I tested two different systems when checking out the performance of Grandia II Anniversary Edition: A gaming-capable laptop with a built-in high performance Nvidia graphics processor, and a dedicated gaming PC equipped with an Nvidia GeForce GTX 780. Considering the original age of the game, I wanted to see if a lighter machine would be capable of running the software without much hassle, thus checking the game out on a lower-spec system.
Despite past success running HD-era games at medium/low setting, the experience proved problematic for the laptop. At 720p resolutions or higher, the in-game hovered at unstable framerates less than 15fps, as the characters sluggishly traversed the screen in and out of battle - effectively making the game unplayable. Only at 'sub-HD' resolutions was I able to get playable performance, and even then the framerate had a tough time staying steady.
The dedicated gaming PC ran the title perfectly well at 1080p, however. If you were planning to playing Grandia II Anniversary on a less powerful machine, hopefully you have better success than I did if you wanted to keep the higher resolutions.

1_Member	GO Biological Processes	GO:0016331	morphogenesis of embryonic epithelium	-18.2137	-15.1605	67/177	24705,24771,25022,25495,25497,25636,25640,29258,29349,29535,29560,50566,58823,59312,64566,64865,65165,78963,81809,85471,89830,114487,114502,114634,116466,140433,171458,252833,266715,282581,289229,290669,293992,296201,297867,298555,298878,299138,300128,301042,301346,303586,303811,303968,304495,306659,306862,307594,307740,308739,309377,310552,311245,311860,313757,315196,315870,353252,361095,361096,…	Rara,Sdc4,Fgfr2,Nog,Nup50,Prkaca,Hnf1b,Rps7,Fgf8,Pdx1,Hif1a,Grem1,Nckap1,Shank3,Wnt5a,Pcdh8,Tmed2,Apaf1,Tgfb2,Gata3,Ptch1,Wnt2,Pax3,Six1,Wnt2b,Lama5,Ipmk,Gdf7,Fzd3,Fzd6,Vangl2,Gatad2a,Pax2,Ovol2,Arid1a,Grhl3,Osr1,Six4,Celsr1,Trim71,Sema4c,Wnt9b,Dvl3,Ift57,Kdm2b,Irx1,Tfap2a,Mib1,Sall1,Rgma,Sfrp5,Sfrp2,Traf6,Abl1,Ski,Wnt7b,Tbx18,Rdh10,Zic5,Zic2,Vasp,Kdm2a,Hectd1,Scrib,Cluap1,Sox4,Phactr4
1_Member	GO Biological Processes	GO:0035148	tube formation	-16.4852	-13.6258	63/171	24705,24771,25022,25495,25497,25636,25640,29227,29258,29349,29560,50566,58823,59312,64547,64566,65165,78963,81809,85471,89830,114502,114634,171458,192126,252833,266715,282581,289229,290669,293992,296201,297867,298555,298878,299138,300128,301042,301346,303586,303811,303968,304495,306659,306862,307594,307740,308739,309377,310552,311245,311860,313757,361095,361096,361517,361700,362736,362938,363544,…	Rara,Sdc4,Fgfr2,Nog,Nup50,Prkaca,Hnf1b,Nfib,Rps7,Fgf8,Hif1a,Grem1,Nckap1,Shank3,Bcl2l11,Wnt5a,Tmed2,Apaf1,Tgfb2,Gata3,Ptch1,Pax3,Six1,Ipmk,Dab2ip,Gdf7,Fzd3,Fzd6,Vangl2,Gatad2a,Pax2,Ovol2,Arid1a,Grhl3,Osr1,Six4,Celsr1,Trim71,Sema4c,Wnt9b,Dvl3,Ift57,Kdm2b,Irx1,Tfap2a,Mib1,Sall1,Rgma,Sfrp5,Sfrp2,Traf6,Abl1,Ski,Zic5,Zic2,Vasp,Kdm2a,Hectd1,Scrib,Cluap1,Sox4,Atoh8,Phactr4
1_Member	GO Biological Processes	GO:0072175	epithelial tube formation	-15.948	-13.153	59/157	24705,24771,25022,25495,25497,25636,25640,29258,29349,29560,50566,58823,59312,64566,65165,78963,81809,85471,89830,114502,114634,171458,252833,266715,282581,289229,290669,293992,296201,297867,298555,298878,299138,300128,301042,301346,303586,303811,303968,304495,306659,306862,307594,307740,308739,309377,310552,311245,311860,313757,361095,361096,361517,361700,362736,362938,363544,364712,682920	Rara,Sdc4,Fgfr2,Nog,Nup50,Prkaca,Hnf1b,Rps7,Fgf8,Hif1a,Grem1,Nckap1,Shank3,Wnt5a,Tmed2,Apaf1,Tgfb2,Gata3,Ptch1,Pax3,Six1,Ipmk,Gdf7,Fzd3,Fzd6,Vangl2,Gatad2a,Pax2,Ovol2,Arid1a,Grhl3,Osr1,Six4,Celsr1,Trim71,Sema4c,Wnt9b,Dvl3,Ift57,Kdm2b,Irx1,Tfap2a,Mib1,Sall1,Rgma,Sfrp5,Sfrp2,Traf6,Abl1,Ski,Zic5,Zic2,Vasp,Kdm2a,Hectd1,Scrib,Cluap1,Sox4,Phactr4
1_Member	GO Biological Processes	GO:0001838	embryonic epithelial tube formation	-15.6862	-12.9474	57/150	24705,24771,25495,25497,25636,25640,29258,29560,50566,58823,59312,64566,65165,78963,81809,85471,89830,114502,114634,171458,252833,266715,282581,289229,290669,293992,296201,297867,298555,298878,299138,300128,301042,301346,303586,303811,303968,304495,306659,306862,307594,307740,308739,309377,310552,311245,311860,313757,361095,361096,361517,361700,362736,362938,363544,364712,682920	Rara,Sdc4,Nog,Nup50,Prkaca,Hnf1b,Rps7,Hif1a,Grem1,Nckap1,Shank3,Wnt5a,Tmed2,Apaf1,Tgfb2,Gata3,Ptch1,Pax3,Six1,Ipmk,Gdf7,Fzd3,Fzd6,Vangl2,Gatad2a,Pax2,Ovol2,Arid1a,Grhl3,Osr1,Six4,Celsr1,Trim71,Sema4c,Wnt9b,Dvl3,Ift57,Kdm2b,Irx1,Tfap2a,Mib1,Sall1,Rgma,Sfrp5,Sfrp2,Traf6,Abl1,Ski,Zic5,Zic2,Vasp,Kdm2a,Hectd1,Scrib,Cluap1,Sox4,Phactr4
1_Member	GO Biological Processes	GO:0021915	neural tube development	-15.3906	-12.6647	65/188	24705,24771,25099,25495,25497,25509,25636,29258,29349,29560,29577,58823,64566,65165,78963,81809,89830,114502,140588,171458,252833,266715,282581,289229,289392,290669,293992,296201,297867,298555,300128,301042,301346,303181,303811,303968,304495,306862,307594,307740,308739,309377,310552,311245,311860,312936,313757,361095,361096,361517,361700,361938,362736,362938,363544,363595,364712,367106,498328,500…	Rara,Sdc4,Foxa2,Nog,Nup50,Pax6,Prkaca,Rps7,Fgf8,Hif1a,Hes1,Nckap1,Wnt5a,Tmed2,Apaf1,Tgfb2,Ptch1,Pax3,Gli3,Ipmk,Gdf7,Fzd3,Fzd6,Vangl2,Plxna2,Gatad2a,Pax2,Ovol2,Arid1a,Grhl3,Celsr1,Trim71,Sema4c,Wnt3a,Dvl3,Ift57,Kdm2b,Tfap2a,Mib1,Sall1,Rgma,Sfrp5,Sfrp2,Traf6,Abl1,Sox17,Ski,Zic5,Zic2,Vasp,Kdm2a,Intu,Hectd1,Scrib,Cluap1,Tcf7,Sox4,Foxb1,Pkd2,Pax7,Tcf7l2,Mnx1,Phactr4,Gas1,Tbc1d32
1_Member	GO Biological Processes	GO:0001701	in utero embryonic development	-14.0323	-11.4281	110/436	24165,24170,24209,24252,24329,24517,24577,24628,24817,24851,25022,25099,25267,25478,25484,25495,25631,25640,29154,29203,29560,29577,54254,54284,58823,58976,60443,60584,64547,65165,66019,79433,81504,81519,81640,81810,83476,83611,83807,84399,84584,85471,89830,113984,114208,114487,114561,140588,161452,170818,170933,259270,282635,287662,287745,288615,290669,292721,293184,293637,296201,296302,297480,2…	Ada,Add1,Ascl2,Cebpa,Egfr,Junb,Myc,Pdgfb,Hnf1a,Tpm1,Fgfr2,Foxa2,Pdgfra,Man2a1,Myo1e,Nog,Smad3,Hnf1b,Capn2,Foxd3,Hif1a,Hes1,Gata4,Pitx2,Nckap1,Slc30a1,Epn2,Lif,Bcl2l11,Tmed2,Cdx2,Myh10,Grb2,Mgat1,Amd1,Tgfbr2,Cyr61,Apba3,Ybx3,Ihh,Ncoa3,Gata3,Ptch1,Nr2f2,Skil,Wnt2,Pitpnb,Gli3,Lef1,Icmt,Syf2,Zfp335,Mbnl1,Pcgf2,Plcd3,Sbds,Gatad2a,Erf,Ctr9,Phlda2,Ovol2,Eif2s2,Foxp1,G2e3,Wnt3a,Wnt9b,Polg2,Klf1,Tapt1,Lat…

Otherwise, Grandia II Anniversary avoids the problems that plagued the non-Dreamcast versions resulting in a solid, though simple, PC port. I recall when playing Grandia II on PS2, the game would struggle significantly everytime the camera panned to show the player the layout of each city. No such obvious issues this time around.
Those expecting a remaster similar in vein to Final Fantasy X or Majora's Mask 3D are probably going to be disappointed. Grandia II Anniversary is more of a slightly tweaked port than a remaster - note how the publisher has decided not to call it 'Grandia II HD' or something along those lines; that name choice is clearly deliberate, to avoid being accused of misleading gamers. However, the upscaled art direction can be pretty nice and clean on its own.
Another small thing I felt could be better is the overall audio balance. Sometimes sound effects would overpower spoken dialogue, and enemy grunts were probably too loud in general. Unfortunately there are no in-game sliders for audio levels.